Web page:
jīngmài (經脈)

this pair of characters is often rendered as a conjunction — channels and vessels, but the jīngmài (脈) do not truly refer to two sets of things. I believe we should read and render jīngmài (脈) as a complex, where jīng (經) refers to the “organizing principle(s),” and mài (脈) refers to the “vessel movement” (as Unschuld renders it) of the vital flux of life. So, that complex can be expressed in English as “the vessel movement(s) of the organizing principle(s).” Most often the jīngmài (脈) seem to signify what we call the “primary channels” today, in contrast to the jīngjīn (經筋), luò (絡), and jīngbié (經別), which are sometimes called secondary vessels.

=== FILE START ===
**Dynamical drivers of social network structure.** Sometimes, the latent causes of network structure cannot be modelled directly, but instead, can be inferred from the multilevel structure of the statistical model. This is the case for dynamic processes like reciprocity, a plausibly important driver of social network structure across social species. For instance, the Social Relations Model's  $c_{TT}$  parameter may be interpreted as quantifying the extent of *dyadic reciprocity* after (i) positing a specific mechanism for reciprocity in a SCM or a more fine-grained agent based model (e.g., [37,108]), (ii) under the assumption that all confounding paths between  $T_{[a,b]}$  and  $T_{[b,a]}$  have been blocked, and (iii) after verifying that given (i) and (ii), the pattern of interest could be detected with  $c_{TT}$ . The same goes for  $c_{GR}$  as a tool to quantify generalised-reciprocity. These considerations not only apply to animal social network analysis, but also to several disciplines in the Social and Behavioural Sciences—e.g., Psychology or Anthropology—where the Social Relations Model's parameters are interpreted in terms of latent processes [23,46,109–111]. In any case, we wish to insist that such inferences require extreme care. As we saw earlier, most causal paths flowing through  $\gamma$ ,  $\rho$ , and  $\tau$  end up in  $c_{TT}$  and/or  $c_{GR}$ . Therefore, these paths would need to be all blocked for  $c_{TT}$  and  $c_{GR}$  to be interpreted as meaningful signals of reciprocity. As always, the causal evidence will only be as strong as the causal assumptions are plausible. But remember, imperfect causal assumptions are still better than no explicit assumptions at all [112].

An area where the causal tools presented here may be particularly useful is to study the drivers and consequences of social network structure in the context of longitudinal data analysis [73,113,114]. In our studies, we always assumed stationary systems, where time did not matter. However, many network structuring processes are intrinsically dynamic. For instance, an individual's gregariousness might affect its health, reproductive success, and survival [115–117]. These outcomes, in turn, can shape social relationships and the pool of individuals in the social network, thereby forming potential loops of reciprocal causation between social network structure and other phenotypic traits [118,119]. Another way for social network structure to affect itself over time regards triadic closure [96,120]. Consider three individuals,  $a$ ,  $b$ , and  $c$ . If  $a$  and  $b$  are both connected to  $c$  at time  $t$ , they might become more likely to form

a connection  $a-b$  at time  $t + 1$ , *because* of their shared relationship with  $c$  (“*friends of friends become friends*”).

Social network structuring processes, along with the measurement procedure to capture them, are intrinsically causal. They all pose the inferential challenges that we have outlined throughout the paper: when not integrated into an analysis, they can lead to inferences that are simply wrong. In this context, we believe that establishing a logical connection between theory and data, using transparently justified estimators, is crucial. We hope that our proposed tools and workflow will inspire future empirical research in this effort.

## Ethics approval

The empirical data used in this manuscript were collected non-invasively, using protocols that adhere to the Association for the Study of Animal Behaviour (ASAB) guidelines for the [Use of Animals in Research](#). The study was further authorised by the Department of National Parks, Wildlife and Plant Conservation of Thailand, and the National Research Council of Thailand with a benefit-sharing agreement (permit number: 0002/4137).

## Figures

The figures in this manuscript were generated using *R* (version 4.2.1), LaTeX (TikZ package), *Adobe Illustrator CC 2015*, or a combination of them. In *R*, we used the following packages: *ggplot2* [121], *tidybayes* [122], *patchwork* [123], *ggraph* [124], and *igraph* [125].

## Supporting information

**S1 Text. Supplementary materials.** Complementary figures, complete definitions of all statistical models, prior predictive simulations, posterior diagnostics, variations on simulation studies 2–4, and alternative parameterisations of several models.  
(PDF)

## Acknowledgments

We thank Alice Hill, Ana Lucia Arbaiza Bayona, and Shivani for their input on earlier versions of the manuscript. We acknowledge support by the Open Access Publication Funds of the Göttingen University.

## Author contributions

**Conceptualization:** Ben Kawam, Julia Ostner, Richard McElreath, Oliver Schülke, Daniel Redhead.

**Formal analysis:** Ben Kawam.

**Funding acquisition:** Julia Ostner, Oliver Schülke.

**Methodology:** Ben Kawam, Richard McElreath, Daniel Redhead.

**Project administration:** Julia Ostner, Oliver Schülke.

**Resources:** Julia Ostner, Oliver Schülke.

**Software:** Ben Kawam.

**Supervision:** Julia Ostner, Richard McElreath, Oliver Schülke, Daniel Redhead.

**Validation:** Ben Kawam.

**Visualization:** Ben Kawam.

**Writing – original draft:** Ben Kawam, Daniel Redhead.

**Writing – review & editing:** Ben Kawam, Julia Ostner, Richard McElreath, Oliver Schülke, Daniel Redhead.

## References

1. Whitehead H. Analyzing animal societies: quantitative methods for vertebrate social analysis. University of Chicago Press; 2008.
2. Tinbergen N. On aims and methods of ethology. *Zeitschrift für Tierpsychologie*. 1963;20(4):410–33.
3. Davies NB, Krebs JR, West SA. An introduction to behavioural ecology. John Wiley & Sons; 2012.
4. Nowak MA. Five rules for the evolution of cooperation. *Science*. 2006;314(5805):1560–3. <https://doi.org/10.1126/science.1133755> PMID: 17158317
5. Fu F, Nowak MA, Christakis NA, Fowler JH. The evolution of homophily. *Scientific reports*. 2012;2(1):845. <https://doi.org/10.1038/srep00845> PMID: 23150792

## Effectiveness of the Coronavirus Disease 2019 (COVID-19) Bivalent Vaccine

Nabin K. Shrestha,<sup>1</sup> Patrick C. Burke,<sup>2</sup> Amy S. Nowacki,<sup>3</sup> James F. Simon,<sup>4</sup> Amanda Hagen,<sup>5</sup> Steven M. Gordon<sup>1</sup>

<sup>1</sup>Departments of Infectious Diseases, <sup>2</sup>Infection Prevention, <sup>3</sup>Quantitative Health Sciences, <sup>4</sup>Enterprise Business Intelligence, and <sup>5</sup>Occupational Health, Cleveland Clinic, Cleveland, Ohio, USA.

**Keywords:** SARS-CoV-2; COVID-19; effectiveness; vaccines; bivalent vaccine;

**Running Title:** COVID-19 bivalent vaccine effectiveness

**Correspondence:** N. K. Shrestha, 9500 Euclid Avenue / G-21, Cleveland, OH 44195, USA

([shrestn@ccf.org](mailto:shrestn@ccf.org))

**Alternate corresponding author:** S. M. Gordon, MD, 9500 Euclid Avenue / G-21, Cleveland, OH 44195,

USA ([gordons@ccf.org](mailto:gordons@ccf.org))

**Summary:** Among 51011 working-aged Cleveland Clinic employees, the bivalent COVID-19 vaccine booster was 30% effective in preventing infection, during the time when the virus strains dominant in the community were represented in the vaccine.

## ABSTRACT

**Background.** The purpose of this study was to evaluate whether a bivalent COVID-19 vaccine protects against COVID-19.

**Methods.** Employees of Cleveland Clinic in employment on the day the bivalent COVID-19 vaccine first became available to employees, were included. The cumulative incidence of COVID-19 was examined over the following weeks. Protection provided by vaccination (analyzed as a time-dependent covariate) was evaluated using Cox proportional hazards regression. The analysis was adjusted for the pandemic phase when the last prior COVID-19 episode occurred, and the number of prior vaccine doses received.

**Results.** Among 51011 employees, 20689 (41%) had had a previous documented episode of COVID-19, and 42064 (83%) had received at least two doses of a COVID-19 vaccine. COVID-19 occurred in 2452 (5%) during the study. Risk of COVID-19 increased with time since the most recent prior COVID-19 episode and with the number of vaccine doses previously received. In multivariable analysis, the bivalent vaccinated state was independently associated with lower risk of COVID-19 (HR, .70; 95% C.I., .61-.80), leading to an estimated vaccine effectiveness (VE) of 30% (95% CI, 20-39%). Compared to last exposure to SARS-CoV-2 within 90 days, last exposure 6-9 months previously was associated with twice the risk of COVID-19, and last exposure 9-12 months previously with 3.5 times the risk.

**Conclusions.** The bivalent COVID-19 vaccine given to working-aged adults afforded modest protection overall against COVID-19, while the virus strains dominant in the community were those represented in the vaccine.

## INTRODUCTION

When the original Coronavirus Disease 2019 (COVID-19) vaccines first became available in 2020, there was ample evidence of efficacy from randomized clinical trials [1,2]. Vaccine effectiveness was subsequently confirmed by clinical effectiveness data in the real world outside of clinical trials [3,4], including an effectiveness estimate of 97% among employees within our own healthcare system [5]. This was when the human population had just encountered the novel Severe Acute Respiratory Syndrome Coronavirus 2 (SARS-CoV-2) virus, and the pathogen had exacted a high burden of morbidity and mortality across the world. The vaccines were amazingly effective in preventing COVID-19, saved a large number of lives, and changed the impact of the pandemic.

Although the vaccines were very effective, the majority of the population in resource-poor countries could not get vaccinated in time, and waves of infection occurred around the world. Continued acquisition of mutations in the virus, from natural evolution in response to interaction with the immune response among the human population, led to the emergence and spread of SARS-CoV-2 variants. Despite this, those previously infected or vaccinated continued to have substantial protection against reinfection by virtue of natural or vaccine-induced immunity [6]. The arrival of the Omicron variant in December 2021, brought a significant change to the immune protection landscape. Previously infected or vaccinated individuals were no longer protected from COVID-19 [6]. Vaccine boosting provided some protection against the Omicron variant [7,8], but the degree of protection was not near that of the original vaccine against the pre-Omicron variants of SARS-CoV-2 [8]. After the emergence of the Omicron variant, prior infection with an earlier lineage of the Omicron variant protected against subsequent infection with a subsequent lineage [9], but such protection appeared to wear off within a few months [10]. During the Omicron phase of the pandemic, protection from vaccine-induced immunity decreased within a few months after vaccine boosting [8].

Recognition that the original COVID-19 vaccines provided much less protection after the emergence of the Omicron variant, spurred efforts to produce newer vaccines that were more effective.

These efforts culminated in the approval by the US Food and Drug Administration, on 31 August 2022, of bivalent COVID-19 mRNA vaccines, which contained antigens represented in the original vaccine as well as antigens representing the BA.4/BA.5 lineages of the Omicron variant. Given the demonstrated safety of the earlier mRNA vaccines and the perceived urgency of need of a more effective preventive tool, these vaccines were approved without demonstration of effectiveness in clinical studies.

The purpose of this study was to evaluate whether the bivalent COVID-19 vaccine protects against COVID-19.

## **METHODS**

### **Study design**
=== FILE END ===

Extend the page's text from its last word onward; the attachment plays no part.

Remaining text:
Each jīngmài (脈) exhibits a specific organizing principle (jīng (經)) for the ‘vessel movements’ (mài (脈)), that sustain and regulate the vital functions of life. Sometimes, I’ve chosen to render jīngmài (脈) as “meridian flux” to signify this entire network. In many instances, when either of these characters is used in Nèijīng (內經), it refers to this same group of jīngmài (脈), though with an emphasis on either their organizing principles (jīng (經)) or the vital vessel movements (mài (脈)) they maintain.

There are twelve jīngmài (脈) — one for each of the liùhé (六合) on both the upper and lower extremities.

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